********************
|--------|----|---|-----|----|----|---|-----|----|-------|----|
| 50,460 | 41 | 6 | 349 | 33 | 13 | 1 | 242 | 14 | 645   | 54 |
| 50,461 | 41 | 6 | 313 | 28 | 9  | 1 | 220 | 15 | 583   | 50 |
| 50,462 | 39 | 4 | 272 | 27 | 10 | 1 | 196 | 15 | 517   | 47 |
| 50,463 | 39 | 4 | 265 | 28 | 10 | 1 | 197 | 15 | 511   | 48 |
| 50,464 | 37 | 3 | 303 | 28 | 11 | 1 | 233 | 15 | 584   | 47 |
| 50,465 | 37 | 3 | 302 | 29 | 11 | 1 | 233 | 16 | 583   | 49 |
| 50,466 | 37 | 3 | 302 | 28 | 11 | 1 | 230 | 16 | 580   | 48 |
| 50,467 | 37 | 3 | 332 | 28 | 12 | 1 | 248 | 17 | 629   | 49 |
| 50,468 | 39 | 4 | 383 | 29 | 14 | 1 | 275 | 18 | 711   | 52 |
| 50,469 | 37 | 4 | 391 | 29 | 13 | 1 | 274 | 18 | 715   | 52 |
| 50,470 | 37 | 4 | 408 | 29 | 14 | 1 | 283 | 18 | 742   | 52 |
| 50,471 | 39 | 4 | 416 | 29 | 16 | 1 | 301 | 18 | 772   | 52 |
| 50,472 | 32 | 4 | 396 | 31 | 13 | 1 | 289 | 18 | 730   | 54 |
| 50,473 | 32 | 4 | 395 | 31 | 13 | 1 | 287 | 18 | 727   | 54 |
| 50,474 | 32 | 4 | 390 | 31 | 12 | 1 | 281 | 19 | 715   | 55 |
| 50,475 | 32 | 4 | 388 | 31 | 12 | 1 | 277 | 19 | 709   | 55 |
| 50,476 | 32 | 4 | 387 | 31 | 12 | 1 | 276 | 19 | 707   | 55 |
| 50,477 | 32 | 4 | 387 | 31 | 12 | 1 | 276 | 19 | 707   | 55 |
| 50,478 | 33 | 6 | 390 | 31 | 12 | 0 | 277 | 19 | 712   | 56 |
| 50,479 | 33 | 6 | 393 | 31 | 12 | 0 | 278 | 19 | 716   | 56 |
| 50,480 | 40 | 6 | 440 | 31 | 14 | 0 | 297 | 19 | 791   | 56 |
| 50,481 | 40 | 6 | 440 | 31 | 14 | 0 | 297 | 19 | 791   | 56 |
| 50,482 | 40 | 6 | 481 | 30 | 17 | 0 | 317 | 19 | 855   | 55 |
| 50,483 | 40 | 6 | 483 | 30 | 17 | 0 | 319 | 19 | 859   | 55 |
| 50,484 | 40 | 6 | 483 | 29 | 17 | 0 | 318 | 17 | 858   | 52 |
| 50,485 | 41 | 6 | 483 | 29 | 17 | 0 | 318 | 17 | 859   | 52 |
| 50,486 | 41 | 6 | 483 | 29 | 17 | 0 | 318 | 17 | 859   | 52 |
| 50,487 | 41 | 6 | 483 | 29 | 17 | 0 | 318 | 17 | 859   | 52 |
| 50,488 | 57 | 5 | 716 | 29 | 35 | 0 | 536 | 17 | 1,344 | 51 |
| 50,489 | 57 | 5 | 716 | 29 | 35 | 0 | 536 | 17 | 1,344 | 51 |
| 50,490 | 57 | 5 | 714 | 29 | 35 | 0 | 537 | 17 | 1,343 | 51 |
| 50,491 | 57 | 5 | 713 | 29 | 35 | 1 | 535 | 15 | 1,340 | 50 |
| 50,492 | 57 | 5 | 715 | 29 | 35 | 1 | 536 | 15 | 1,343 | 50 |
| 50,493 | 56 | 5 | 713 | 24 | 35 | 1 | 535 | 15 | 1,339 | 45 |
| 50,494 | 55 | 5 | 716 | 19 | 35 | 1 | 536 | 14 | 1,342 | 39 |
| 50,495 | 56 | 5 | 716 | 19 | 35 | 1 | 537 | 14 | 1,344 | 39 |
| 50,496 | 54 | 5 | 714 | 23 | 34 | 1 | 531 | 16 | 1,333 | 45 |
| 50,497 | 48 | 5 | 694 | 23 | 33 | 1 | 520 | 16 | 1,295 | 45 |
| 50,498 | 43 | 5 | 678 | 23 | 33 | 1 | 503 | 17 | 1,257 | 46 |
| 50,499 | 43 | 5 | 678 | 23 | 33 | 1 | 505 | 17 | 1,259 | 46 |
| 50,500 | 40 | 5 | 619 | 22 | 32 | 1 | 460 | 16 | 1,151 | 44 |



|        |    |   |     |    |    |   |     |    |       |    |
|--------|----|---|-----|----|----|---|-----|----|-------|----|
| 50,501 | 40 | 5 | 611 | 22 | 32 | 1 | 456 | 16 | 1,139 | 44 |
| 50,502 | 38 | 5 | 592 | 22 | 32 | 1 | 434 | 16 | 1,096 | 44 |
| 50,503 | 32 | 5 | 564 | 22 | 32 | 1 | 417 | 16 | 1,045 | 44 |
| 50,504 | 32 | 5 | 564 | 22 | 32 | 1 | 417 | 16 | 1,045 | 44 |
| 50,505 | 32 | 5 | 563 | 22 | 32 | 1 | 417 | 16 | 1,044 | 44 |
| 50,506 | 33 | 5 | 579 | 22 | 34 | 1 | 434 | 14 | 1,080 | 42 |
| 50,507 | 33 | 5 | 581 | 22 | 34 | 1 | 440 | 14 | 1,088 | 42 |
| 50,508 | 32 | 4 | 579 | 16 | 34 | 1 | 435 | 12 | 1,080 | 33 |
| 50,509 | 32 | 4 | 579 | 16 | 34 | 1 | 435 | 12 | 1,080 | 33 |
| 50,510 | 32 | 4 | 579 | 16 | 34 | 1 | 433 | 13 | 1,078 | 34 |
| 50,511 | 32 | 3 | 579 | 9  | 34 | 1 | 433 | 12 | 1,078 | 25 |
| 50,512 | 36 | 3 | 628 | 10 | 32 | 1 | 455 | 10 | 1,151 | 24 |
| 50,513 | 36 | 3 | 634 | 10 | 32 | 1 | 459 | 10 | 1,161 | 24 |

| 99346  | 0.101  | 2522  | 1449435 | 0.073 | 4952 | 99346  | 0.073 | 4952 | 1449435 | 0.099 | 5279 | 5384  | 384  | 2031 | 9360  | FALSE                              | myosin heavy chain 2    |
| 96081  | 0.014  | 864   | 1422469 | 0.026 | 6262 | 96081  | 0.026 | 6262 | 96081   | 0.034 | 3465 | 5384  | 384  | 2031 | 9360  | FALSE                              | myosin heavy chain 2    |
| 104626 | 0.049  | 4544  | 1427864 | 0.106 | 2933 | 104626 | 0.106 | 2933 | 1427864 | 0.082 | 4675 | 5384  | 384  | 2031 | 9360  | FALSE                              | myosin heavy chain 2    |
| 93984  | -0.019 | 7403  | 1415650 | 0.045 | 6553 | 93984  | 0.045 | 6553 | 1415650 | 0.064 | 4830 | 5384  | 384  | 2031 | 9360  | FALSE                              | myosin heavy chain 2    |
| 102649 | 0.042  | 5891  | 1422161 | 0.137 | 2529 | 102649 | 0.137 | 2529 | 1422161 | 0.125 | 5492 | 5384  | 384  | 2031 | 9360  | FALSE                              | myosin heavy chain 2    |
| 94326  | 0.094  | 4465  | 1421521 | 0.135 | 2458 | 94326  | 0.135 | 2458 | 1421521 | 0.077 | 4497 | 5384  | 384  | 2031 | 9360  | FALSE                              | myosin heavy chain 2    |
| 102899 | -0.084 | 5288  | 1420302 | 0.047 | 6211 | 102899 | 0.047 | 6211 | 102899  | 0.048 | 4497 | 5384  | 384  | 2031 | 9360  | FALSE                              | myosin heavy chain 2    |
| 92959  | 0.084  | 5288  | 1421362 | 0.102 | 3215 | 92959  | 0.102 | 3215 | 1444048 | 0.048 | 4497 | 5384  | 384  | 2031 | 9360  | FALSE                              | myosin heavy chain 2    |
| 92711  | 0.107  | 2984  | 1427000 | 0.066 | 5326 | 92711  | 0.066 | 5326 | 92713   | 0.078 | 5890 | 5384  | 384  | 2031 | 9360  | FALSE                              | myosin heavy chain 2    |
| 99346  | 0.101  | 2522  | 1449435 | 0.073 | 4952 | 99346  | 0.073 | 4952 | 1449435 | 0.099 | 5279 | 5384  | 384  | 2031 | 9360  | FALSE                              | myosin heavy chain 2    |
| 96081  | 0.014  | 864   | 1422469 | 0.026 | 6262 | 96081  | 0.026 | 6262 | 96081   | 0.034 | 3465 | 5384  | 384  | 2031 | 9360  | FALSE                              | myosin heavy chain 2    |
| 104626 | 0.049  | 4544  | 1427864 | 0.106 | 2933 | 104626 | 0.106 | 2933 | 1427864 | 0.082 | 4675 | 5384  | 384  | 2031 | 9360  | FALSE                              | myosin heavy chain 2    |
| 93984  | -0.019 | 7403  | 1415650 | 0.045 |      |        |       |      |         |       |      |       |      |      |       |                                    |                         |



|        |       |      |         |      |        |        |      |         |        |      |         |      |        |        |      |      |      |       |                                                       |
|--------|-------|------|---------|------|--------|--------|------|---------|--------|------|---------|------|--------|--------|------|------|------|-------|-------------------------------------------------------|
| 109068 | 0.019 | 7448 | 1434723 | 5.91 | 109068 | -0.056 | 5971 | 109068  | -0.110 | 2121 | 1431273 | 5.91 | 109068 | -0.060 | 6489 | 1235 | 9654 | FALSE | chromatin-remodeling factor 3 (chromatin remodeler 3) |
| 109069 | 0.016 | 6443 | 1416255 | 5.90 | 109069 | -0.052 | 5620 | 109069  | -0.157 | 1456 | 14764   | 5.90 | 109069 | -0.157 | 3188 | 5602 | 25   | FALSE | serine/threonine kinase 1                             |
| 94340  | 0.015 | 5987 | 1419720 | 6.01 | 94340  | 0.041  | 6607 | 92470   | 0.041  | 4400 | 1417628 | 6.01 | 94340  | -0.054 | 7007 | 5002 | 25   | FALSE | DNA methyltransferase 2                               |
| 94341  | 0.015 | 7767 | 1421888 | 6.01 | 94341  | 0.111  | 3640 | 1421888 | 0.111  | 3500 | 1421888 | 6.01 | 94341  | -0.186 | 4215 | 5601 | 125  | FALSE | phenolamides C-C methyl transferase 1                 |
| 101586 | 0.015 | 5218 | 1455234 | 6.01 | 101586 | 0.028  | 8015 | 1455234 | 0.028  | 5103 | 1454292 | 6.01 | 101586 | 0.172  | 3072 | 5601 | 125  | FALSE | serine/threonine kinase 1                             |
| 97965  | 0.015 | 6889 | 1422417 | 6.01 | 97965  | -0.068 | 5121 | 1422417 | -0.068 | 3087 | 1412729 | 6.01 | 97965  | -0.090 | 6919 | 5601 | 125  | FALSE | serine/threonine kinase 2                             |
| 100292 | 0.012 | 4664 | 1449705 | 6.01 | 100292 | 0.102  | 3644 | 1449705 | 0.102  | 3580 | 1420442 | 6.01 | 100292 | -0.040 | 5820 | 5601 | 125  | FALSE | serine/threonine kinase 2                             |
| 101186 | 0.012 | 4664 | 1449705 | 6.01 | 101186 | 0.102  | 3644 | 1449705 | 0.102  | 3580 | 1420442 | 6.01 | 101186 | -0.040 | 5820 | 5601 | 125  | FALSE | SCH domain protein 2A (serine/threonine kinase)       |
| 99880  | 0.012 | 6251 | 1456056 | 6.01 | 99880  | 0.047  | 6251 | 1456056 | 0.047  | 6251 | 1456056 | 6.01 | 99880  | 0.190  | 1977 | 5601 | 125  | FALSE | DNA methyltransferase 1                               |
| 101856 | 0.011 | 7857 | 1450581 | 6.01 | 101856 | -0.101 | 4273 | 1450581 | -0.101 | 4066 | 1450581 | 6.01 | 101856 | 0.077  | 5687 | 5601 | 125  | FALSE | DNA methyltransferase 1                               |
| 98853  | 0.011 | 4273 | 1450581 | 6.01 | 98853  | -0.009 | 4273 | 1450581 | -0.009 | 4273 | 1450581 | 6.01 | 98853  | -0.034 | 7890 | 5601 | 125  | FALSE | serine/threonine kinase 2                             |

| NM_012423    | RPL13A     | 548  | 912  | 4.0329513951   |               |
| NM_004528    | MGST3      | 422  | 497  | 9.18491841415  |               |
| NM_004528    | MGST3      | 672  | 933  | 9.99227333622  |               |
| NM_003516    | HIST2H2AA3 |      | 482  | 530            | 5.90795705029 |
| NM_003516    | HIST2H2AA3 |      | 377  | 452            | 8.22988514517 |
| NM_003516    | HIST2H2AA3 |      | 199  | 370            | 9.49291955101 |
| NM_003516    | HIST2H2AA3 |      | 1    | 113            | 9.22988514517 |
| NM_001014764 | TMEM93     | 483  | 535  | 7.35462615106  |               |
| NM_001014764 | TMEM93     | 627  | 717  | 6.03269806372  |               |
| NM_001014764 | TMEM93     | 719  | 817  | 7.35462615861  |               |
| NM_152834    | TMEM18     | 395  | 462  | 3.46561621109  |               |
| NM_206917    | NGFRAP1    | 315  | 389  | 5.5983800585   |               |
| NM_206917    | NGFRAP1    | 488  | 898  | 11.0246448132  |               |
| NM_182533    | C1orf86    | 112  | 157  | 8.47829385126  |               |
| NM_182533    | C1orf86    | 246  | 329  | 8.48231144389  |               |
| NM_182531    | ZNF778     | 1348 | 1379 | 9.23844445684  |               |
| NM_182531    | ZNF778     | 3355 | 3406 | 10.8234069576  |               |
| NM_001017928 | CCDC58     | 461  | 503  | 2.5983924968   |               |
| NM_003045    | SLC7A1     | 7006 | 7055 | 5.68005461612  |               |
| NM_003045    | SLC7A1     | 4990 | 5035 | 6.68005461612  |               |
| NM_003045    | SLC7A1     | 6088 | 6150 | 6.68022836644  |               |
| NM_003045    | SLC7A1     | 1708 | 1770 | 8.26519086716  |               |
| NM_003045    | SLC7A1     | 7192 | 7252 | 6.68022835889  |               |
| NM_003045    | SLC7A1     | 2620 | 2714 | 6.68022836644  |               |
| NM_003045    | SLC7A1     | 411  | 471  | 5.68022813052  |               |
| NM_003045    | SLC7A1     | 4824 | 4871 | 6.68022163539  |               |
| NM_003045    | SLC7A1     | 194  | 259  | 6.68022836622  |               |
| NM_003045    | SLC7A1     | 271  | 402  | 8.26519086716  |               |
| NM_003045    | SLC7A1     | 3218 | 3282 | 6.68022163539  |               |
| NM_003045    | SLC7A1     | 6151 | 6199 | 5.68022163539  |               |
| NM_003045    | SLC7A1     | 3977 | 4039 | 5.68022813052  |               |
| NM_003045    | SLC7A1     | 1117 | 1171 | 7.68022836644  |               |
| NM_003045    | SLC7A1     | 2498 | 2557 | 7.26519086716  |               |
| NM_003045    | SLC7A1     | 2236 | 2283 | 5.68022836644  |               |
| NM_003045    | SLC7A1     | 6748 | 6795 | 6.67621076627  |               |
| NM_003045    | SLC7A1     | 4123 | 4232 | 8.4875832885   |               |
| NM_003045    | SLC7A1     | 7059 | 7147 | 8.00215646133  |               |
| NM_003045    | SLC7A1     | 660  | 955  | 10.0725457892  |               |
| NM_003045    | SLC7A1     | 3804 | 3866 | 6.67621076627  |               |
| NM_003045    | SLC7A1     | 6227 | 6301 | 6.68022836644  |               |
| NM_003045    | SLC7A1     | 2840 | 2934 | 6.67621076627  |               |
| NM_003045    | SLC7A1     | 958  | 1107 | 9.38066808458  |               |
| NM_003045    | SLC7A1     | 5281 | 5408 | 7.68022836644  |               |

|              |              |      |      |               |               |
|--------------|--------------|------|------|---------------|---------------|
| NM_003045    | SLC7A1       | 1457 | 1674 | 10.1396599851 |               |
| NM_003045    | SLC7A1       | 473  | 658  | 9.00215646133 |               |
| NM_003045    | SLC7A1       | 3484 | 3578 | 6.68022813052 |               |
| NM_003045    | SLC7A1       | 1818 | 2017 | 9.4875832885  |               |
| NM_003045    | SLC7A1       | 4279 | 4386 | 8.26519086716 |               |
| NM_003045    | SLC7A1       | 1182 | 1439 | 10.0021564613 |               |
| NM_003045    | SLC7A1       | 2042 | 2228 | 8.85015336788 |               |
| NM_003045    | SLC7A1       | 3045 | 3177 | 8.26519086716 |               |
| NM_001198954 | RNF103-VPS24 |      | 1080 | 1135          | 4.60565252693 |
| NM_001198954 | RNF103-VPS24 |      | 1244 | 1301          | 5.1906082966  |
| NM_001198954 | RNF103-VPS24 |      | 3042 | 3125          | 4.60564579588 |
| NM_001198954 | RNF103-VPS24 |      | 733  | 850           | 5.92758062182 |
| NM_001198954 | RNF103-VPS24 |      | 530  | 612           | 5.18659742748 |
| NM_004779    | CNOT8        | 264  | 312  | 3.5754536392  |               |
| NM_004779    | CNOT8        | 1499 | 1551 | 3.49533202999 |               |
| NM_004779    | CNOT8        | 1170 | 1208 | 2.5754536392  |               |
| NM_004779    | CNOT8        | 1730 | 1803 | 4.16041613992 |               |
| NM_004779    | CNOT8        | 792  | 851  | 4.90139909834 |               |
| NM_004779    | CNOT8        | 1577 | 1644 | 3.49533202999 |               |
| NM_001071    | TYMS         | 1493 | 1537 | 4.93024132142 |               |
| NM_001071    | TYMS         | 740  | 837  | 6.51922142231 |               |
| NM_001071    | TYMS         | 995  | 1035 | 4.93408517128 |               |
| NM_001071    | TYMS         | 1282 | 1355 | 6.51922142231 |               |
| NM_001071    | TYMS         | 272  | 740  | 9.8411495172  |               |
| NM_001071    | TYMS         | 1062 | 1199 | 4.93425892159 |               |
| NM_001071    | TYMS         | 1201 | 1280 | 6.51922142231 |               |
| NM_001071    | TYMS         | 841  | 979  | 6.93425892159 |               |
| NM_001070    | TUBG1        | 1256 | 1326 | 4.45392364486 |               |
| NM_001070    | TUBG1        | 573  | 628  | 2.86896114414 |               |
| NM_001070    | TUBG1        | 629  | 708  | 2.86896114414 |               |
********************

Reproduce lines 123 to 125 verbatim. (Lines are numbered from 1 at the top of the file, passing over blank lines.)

| NM_003045    | SLC7A1     | 6227 | 6301 | 6.68022836644  |               |
| NM_003045    | SLC7A1     | 2840 | 2934 | 6.67621076627  |               |
| NM_003045    | SLC7A1     | 958  | 1107 | 9.38066808458  |               |